From the Filmmakers:
The Narrative Experience of Memory

BY: TYLER JONES FEBRUARY 7TH, 2019

The old sanctuary was under construction, but we weren’t leaving until we found the trap door. It was August in New Orleans and, despite the crosses and stained glass, it was hot as hell.

We were there to film inside the former church and school known as Sts. Peter & Paul, nearing the end of its four-year restoration into Hotel Peter & Paul.

Phil was our guide, a former student and custodian who claimed to know where the bodies were buried, which he’d been shown by a priest decades ago. After finding a hole in the hardwoods, we realized that whoever had been in the crypt was long gone, but what remained was just as tangible: Memory.

Sister Pam
Ron

I co-lead a studio called 1504 to create narrative experiences at the intersection of content and strategy. Often when we collaborate with real estate developers and architects, the notion of nostalgia gets brought up as an intangible marketing aspiration. But since our recent project in New Orleans, I’d suggest that memory is more powerful and the key to unlocking a narrative approach to placemaking.


Hotel Peter & Paul is a 71-room boutique hotel in the Marigny, a vibrant New Orleans neighborhood with no shortage of story material. Rooms span the historic schoolhouse, rectory, and convent, with the church serving as a venue space (see before and after photos).

After finding a hole in the hardwoods, we realized that whoever had been in the crypt was long gone, but what remained was just as tangible: Memory.

Local resident Nathalie Jordi developed the hotel with ASH, and she was remarkably persistent to earn the community’s trust and support. One effort was to produce oral histories as a way to honor those who grew up in and around Sts. Peter & Paul.

Last year, this led to The Holy Ghosts, a multimedia story series we developed that chronicles the memories of five individuals with deep ties to a place they’ve seen evolve from sacred site to abandonment to a present-day hotel.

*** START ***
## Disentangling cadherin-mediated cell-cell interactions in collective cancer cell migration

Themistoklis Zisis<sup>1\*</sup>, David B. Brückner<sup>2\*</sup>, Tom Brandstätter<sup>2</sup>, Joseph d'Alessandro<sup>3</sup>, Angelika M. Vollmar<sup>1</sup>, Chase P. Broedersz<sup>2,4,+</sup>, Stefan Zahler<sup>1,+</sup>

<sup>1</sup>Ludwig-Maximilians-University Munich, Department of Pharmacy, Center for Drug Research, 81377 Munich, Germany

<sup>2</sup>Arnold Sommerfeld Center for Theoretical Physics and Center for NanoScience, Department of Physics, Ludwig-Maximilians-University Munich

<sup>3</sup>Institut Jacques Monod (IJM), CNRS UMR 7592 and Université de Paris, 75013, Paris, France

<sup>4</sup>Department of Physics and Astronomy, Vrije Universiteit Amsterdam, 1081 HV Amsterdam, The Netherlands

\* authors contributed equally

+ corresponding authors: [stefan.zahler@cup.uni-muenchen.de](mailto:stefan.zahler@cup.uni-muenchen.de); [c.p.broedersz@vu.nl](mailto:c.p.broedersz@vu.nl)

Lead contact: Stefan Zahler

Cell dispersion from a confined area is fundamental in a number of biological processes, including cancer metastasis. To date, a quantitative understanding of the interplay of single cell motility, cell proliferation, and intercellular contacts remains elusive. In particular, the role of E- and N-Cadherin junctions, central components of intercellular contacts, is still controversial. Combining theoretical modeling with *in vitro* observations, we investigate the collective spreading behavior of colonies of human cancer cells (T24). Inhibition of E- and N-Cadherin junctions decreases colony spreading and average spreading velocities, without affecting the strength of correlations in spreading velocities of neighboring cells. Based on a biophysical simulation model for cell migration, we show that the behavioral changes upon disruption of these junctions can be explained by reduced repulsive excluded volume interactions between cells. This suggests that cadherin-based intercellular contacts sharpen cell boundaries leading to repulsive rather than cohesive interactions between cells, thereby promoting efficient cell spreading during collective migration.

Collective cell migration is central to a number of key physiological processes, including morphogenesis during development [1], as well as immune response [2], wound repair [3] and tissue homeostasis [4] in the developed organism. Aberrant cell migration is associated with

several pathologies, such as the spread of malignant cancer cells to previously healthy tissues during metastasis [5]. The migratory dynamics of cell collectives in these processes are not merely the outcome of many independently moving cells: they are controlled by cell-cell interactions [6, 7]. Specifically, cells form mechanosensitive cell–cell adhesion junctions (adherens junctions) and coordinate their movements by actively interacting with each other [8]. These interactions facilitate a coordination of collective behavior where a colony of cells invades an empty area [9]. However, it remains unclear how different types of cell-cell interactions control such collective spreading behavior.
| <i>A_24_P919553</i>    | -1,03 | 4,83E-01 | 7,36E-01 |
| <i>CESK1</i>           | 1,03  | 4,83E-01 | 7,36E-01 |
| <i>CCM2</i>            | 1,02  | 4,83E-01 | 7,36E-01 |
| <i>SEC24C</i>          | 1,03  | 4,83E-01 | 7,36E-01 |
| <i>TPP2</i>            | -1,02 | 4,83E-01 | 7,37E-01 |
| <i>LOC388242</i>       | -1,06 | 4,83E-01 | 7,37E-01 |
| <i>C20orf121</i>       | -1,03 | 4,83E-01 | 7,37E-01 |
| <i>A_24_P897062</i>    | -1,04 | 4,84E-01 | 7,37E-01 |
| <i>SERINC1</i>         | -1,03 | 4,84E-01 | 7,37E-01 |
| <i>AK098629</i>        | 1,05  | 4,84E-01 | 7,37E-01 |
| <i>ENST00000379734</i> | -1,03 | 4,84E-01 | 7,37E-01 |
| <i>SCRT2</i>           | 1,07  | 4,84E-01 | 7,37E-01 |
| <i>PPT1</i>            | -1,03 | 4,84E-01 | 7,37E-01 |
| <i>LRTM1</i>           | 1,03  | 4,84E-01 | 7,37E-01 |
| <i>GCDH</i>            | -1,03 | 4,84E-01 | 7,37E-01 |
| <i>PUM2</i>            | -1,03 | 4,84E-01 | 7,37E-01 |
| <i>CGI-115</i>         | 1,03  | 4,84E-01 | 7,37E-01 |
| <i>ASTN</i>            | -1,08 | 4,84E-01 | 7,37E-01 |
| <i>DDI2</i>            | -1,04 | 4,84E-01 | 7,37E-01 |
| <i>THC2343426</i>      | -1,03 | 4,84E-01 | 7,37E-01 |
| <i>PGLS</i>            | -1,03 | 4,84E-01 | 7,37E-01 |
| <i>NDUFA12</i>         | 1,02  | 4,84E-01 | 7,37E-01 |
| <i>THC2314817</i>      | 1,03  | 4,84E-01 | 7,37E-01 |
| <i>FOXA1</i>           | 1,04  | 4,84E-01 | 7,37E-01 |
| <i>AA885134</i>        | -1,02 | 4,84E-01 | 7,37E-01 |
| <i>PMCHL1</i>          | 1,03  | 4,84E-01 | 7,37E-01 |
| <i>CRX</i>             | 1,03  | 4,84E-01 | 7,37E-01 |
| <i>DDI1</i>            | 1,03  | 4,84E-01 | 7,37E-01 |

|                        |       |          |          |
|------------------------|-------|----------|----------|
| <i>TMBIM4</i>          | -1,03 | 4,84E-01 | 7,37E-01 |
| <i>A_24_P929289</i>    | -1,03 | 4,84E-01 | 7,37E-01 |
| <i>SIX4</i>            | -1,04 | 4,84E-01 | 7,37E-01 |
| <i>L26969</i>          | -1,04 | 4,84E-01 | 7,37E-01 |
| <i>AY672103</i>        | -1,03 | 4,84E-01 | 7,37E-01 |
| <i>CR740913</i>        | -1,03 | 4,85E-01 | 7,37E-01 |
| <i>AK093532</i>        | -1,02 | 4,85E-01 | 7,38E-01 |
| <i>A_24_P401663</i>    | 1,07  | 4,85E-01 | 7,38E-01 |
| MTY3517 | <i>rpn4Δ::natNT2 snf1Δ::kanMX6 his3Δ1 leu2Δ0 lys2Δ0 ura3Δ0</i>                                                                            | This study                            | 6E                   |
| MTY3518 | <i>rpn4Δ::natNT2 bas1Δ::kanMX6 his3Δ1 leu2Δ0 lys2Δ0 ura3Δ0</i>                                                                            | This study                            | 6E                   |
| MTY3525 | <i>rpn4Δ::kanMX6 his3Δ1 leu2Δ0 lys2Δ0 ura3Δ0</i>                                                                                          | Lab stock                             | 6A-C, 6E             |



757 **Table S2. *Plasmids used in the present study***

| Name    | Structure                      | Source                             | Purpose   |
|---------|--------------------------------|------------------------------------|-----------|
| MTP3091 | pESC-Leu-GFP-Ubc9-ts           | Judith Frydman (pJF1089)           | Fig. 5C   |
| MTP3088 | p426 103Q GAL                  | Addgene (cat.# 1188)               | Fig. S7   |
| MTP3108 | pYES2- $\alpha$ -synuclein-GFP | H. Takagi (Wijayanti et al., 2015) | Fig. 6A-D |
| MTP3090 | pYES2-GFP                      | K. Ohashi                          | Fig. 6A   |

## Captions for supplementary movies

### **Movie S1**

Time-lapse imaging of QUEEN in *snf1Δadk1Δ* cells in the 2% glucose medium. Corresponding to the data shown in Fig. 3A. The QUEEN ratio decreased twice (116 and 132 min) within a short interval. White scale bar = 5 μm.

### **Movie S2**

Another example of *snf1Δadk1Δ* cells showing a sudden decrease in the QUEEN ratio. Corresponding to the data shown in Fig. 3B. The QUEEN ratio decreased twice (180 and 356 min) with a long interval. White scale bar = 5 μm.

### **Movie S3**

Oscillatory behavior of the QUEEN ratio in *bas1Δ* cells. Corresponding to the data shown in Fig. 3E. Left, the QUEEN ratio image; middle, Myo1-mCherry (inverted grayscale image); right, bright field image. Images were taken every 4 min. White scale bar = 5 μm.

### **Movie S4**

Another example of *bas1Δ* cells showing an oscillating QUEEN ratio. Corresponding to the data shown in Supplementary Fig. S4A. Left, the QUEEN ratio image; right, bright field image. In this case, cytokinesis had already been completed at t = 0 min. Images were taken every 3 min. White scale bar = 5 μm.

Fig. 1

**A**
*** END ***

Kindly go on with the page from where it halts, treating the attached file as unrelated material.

The resulting stories, including Phil’s trap door, may provide visitors with a deeper sense of perspective on why this is a special place. A place with inherent memory that, as one congregant described, is “not what you see, but what you feel.” Isn’t this what draws us all to certain places?

Michelle
Phil

Place-based storytelling can profoundly elevate a brand or experience design, but it takes time and intentionality. So here are just a few takeaways from our work on The Holy Ghosts:

Be ready for real

With authenticity comes real life, so some of the stories we share include topics like gentrification, race, and even murder. Not exactly your sugar-coated promo, so I credit the developers for being courageous and open.

Responsibility to be respectful

Anytime we go into another culture, especially with a camera, our first priority is to ensure we are being respectful with how the stories are gathered and later presented. If people feel exploited, the integrity of the work is compromised.


Our imaginations come alive when we consider: This place may have something to tell me.

Place-based storytelling is interactive

By framing a place through the lens of storytelling, you invite new modes of discovery, curiosity, and exploration. Our imaginations come alive when we consider: This place may have something to tell me.

Content can aim so much higher than drone footage of a building. When tethered to memories (whether sourced from the land, from the people involved, or from the community at large), content can actually form a narrative experience that is immersive and, ultimately, memory-making.

Our studio strives to craft human-centered storytelling, and the experience in New Orleans affirmed our desire to begin with a Narrative Strategy as early as possible in a development’s story. By taking a more journalistic approach in seeking out memories associated with a project, we believe that collaborations can ultimately be more consistent, innovative, and reflective of a deeper sense of place.

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This article was written by Brick & Wonder member Tyler Jones of 1504. The Holy Ghosts was directed by Tyler Jones and produced by Mark Slagle. Photographs by Jordan Mahy.

You can see the series trailer and the story of the crypt below. To view the full series click here.


Series trailer
Includes the story of the crypt
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